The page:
Coffin Dodgers Review

We’ve seen our fair share of Mario Kart clones over the years. Some, like Sonic & All Stars Racing Transformed, have been highly effective – others, like whatever the hell South Park Rally 64 was supposed to be, clearly haven’t.

So this generation hasn’t seen too many go-arounds in that department, because, let’s be honest, it’s going to take a lot to topple the mighty Mario Kart 8. But Wales Interactive decided to try anyway with Coffin Dodgers, a game built upon a wacky, novel concept – senior citizens actually racing for their lives.

Death has decided to take a holiday in the Sunny Pines Retirement Village, but, like Brad Pitt in Meet Joe Black, he’s not leaving without taking someone with him. So the seven senior citizens in the town decide to hold a race, with the last place losers getting, ahem, taken and replaced by zombie drivers. It’s a bit weird, but, in the right development hands, it’s a concept that could really take off. Sadly, the team at Milky Tea are not the right hands.

The problem is that the game is very second rate across the board, and outside of its original idea, it doesn’t do anything much. The course design is kind of bland – even the idea of an open-world racing game doesn’t amount to much here, just because there’s very little motivation in getting there. What’s more, the offerings don’t add too much. Sure, there’s an open world mode, but hardly any reason to tackle it; and the story is barely there, serving just as a placeholder for the minimal racing antics.

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That’d be fine if Coffin Dodgers had any sort of solid control system to work on. Alas, it doesn’t. The gameplay is way too slippery for its own good, as you’ll consistently crash into walls and get swatted by terribly unbalanced AI drivers. Eventually, you could get a hang of the physics, but there’s very little motivation for a first place victory, outside of a weird celebratory animation. That’s…about it.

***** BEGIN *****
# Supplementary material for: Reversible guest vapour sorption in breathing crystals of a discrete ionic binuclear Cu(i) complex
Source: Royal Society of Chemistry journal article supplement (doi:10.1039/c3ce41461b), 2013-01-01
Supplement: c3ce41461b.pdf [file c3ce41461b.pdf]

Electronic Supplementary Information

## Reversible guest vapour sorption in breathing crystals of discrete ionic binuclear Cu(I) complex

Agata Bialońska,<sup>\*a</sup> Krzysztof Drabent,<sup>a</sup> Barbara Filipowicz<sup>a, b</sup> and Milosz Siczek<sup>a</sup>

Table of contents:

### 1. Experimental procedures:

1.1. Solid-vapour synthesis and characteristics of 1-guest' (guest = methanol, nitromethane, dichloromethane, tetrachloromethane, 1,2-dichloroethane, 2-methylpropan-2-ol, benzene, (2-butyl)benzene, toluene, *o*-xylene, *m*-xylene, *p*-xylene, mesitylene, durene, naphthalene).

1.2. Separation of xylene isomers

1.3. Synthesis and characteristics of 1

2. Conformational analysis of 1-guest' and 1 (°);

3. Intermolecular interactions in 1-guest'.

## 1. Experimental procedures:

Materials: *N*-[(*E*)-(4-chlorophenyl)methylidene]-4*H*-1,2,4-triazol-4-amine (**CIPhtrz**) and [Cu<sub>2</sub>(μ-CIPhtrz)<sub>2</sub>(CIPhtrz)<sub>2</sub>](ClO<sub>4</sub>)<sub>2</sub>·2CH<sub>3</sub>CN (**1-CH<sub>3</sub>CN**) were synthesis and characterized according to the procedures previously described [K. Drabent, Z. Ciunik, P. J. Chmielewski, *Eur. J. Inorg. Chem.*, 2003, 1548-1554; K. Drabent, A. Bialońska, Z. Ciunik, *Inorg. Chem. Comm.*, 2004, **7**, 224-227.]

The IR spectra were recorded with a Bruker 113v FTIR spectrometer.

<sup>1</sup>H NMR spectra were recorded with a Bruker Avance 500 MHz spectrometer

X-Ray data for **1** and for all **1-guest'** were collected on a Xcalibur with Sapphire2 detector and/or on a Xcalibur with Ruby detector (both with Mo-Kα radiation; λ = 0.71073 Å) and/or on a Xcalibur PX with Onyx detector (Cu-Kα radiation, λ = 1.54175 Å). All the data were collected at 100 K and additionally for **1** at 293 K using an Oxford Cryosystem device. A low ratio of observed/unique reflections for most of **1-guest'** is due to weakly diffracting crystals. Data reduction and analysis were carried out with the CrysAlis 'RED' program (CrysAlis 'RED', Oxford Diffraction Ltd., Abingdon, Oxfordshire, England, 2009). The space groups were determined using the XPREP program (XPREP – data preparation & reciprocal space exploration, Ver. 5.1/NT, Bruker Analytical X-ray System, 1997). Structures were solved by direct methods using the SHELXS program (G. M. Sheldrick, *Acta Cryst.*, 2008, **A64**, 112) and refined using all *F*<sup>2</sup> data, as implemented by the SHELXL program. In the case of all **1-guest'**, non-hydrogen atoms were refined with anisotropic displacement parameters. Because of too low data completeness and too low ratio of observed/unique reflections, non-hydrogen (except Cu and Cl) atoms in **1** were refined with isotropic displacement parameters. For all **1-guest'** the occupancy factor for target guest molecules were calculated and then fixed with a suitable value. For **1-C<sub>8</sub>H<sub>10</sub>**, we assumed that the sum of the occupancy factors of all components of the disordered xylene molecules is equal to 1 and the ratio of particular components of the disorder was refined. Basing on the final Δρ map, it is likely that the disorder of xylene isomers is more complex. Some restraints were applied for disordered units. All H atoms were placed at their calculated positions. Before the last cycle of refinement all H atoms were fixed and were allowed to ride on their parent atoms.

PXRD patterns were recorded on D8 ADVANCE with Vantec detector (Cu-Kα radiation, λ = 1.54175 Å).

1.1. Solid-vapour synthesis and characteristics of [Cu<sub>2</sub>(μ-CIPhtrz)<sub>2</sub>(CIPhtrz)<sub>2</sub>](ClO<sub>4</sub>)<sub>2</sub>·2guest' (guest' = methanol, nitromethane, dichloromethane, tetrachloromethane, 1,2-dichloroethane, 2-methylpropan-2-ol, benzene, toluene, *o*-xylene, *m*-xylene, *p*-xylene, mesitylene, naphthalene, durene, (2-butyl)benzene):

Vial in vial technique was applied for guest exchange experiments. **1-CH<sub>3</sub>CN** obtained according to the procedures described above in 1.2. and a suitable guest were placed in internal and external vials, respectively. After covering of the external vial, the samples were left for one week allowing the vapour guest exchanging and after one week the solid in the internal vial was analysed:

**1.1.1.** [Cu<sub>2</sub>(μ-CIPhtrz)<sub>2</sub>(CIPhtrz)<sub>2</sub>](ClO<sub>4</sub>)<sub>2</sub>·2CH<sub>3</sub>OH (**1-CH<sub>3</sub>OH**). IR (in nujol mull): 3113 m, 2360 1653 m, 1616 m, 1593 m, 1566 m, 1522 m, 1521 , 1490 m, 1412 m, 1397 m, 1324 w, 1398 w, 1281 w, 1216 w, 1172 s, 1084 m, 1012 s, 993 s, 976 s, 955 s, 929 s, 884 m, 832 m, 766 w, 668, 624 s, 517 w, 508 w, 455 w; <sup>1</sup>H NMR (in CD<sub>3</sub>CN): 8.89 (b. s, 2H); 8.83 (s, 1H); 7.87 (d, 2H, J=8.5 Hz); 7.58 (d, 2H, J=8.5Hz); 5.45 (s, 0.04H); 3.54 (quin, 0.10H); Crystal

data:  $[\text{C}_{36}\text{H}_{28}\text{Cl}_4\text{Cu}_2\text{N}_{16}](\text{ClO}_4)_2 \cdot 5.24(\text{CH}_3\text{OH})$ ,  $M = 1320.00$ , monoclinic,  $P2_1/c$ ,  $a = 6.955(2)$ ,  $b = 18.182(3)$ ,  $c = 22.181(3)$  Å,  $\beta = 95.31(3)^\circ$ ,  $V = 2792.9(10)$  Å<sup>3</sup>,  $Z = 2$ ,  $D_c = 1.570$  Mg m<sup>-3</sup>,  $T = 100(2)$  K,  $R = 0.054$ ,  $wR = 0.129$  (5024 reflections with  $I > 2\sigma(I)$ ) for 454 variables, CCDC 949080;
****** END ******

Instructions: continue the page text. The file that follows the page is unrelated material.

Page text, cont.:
The game does offer a split-screen multiplayer mode – surprise, no online – and it’s okay, though the graphic details do get jumbled a bit, to the point that you and your friends begin wondering why you’re not playing Mario Kart instead. It can be fun for a race or two, but for long-term fun, it just doesn’t add up.

The okay presentation doesn’t go far either. The graphics are okay but hardly anything suitable for this generation of consoles; the characters have very little innovation behind them, along with the power-ups they come across; and the music is dull and repetitive, to the point that you may think someone set the nursing home jukebox on auto-play and kept it there all day long. Yeesh.

Coffin Dodgers, with a bit more ingenuity and maybe even more snarkiness, could’ve been a fun little take on Mario Kart for players to enjoy. But the team at Milky Tea just doesn’t give in to chance, instead taking a familiar route that gets old really fast. As a result, this game isn’t really fun for anyone. South Park Rally 64 it’s not, but it takes a lot to reach that low standard. Just skip this and hunt down a good copy of Racing Transformed or Mario Kart 8 instead.


  • Some neat ideas
  • Split-screen multiplayer is included


  • Really lacking across the board, in both presentation and gameplay
  • Split-screen racing is kind of a mess at times
  • A lot of modes, but the game doesn't do much with them


Robert Workman is a veteran who’s worked for many sites over the years, including GameCrate, AOL GameDaily and Segadojo. When he’s not playing video games, he’s enjoying a fine craft beer and talking about how much Star Wars: The Force Awakens is going to rock. Oh, yeah, and his game shirt collection rocks.

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